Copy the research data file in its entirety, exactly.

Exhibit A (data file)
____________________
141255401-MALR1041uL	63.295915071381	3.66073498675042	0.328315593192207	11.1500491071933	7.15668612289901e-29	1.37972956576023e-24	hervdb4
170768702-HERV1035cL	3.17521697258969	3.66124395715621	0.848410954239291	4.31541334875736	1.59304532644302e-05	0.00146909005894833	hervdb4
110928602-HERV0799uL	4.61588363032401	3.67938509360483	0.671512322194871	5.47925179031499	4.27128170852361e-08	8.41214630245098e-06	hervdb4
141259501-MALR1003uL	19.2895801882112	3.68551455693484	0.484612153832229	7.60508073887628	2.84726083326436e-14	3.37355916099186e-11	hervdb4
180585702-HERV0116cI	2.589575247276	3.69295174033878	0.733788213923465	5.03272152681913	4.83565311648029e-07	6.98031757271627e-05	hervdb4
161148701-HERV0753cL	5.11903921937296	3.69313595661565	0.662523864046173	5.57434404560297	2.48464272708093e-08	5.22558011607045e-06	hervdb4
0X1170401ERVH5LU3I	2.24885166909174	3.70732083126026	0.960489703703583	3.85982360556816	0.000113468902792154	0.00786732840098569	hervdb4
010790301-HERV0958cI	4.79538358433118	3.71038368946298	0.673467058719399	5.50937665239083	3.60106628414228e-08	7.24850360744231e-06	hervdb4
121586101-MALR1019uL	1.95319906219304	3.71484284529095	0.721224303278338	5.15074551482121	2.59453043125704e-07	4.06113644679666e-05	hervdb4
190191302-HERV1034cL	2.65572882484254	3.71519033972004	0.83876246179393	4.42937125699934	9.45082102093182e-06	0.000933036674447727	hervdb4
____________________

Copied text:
141255401-MALR1041uL	63.295915071381	3.66073498675042	0.328315593192207	11.1500491071933	7.15668612289901e-29	1.37972956576023e-24	hervdb4
170768702-HERV1035cL	3.17521697258969	3.66124395715621	0.848410954239291	4.31541334875736	1.59304532644302e-05	0.00146909005894833	hervdb4
110928602-HERV0799uL	4.61588363032401	3.67938509360483	0.671512322194871	5.47925179031499	4.27128170852361e-08	8.41214630245098e-06	hervdb4
141259501-MALR1003uL	19.2895801882112	3.68551455693484	0.484612153832229	7.60508073887628	2.84726083326436e-14	3.37355916099186e-11	hervdb4
180585702-HERV0116cI	2.589575247276	3.69295174033878	0.733788213923465	5.03272152681913	4.83565311648029e-07	6.98031757271627e-05	hervdb4
161148701-HERV0753cL	5.11903921937296	3.69313595661565	0.662523864046173	5.57434404560297	2.48464272708093e-08	5.22558011607045e-06	hervdb4
0X1170401ERVH5LU3I	2.24885166909174	3.70732083126026	0.960489703703583	3.85982360556816	0.000113468902792154	0.00786732840098569	hervdb4
010790301-HERV0958cI	4.79538358433118	3.71038368946298	0.673467058719399	5.50937665239083	3.60106628414228e-08	7.24850360744231e-06	hervdb4
121586101-MALR1019uL	1.95319906219304	3.71484284529095	0.721224303278338	5.15074551482121	2.59453043125704e-07	4.06113644679666e-05	hervdb4
190191302-HERV1034cL	2.65572882484254	3.71519033972004	0.83876246179393	4.42937125699934	9.45082102093182e-06	0.000933036674447727	hervdb4